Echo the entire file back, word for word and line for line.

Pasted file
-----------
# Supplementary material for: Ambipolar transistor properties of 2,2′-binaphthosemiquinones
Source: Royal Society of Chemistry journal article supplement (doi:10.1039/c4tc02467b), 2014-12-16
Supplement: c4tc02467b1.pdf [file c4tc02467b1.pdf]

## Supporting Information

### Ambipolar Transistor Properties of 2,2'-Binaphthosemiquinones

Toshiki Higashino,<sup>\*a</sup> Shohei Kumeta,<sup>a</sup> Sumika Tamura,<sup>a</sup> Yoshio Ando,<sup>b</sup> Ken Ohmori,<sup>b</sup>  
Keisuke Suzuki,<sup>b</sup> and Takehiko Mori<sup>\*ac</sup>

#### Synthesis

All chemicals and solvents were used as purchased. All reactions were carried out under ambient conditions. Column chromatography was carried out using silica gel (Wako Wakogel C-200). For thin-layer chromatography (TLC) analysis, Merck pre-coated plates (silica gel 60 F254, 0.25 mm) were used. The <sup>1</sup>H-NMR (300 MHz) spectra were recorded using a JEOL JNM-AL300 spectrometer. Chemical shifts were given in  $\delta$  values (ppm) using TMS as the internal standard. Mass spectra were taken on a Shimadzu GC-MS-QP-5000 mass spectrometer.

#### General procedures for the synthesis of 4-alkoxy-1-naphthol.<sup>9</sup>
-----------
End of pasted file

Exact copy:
# Supplementary material for: Ambipolar transistor properties of 2,2′-binaphthosemiquinones
Source: Royal Society of Chemistry journal article supplement (doi:10.1039/c4tc02467b), 2014-12-16
Supplement: c4tc02467b1.pdf [file c4tc02467b1.pdf]

## Supporting Information

### Ambipolar Transistor Properties of 2,2'-Binaphthosemiquinones

Toshiki Higashino,<sup>\*a</sup> Shohei Kumeta,<sup>a</sup> Sumika Tamura,<sup>a</sup> Yoshio Ando,<sup>b</sup> Ken Ohmori,<sup>b</sup>  
Keisuke Suzuki,<sup>b</sup> and Takehiko Mori<sup>\*ac</sup>

#### Synthesis

All chemicals and solvents were used as purchased. All reactions were carried out under ambient conditions. Column chromatography was carried out using silica gel (Wako Wakogel C-200). For thin-layer chromatography (TLC) analysis, Merck pre-coated plates (silica gel 60 F254, 0.25 mm) were used. The <sup>1</sup>H-NMR (300 MHz) spectra were recorded using a JEOL JNM-AL300 spectrometer. Chemical shifts were given in  $\delta$  values (ppm) using TMS as the internal standard. Mass spectra were taken on a Shimadzu GC-MS-QP-5000 mass spectrometer.

#### General procedures for the synthesis of 4-alkoxy-1-naphthol.<sup>9</sup>